My dog Cooper has taught me many things since that snowy day two years ago when he became part of my family. My son first saw Cooper – curled in a cage – looking forlorn and so sad. His big brown eyes cautiously looked our way, but he did not rise to come to the side of the cage as some of the other cats and dogs had. Cooper stayed coiled in a donut shaped mass of fur and eyed us somewhat suspiciously. We asked to meet him, the staff corralled us to a room, and Cooper was brought to us. Cooper timidly came over, sniffing our outstretched fingers and then reared up on his hind legs as if to say “nice to meet you.” It was close to closing time and we knew we had to leave. My husband, typically cautious and never quick to make an important decision, walked up to the front desk and said, “We’ll take him!”
We hustled Cooper to the car and made a stop at Petsmart to load up on doggy supplies. What fun we had picking out a new toy, a new bed and special tasty morsels. Cooper (formerly Shorty – an insulting name even though he was vertically challenged), pranced along with us in the store as if to say – “hey look, I won the family lottery” to the other dogs in the store.
After many medical treatments and countless teeth cleanings and pulling, Cooper has become an inseparable member of the family. Each event and moment with him provides inspiration daily for new perspectives on life. I sometimes use stories about Cooper in sessions with clients and the stories sometimes illustrate what is sacred in life, ways to cope and surmount difficult situations.
Cooper has helped me to see that a simple expression of care or concern can often be the catalyst for change or growth. Cooper will come over and lie by my feet – a comforting expression that alerts me to the need for connection. He lays his head on my foot and nestles in for a nap. I feel relaxed and seen, no longer invisible. Cooper has valiantly suffered through tests and illness, reminding me that we need to be courageous in times of pain or sorrow. I see Cooper’s excitement when visitors come to the door; it reminds me how wonderful it is to have people in my life that want to visit. His unabated joy of running and chasing squirrels – even though he will never catch one – reminds me to have fun. His vigilant bark when he feels threatened by a new smell or sound – reminds me to be sensibly cautious in life. His occasional days of simply sleeping and stretching remind me that it is okay to waste a day to rejuvenate.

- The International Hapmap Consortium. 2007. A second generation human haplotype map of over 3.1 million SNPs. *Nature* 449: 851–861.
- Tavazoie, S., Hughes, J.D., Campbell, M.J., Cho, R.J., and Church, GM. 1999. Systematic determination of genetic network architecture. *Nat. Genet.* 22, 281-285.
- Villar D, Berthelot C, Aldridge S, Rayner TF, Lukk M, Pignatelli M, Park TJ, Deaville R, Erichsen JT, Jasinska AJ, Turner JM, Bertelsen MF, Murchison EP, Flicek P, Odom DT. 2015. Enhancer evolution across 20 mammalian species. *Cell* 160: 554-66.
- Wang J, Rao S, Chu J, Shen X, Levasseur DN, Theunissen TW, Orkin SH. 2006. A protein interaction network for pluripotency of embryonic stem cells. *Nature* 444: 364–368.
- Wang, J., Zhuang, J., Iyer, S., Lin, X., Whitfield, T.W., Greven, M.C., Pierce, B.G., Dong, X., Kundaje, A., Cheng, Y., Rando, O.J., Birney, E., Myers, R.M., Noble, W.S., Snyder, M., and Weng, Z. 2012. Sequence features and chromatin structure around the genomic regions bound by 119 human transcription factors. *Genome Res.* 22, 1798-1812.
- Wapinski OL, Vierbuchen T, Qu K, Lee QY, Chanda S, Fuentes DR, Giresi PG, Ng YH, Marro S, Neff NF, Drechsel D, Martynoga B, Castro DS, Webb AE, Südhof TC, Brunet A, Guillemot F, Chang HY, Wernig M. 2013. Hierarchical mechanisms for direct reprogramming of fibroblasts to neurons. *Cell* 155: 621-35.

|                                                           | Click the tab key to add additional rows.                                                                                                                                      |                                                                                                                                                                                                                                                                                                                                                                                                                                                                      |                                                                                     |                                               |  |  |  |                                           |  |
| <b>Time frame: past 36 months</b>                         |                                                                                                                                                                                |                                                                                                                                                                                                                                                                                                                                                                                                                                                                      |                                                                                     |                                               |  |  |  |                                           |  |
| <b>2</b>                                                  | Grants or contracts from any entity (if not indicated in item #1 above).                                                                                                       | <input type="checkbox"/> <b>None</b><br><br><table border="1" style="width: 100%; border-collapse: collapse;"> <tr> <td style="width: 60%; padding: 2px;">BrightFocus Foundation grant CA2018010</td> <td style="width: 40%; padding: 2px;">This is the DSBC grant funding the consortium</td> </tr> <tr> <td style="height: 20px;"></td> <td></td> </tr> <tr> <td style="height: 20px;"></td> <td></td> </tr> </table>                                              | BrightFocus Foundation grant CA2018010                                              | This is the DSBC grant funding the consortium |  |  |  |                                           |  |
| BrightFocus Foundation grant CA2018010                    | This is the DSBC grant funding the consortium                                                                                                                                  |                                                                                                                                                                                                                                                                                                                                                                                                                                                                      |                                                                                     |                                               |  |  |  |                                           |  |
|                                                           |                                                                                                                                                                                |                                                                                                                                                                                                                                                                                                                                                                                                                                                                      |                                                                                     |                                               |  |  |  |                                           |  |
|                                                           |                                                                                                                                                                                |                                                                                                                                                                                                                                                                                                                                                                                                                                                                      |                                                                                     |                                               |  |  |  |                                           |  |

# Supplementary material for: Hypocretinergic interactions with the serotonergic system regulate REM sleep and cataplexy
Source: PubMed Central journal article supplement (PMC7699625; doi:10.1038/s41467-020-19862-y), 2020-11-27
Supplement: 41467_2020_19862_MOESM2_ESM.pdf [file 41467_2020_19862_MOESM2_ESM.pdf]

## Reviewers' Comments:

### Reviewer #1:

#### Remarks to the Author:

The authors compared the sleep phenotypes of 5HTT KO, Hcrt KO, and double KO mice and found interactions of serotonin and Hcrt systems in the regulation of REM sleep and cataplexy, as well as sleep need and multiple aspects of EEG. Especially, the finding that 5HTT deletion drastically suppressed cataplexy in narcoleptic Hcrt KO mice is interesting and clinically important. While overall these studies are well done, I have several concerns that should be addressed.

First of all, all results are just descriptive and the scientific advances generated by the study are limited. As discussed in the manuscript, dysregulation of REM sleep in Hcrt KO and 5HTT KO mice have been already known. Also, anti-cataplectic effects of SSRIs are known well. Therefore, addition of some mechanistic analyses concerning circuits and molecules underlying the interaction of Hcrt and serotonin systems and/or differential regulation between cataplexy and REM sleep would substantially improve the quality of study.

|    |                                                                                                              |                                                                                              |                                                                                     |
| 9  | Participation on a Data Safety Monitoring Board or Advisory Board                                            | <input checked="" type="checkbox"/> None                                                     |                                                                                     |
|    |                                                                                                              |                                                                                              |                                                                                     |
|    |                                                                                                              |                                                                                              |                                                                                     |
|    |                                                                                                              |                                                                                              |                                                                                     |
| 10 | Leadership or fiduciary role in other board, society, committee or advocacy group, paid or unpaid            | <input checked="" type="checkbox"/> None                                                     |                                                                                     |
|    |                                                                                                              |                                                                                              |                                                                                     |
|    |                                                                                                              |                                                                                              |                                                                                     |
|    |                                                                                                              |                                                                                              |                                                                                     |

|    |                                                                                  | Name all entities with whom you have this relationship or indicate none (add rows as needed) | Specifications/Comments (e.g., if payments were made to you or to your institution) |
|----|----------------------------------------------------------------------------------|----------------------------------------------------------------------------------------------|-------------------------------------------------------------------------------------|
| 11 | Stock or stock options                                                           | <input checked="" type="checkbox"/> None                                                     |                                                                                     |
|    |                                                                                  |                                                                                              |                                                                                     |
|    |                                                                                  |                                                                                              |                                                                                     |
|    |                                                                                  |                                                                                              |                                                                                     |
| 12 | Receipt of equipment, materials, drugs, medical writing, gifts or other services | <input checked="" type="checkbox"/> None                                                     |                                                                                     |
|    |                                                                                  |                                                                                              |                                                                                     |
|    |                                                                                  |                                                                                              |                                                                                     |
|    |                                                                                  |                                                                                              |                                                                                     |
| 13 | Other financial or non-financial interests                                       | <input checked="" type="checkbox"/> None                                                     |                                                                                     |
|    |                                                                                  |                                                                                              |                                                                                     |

Cooper’s approach to life can be inspiration to scale back, slow down, and simplify. Clients laugh when I share a story about him, alone a good result, and sometimes they will tell me the following week that they took my dogs advice and had a lazy day. They say this with a bit of chagrin; as if it is an awful thing to spend time taking care of themselves. Guilt surfaces and the unchecked items on a list become evidence of slacking at life, fodder for low self-esteem and feelings of failure. I push a little further, and ask them how is it that a day of rest constitutes failure at life? They think for a few moments, and they say it is not: no failures - just enjoying the dog days of summer.
What does your pet remind you to do?
Kathy Renfree is a counselor in a community mental health setting, teaches in a graduate counseling program as needed, and is looking forward to building a private practice.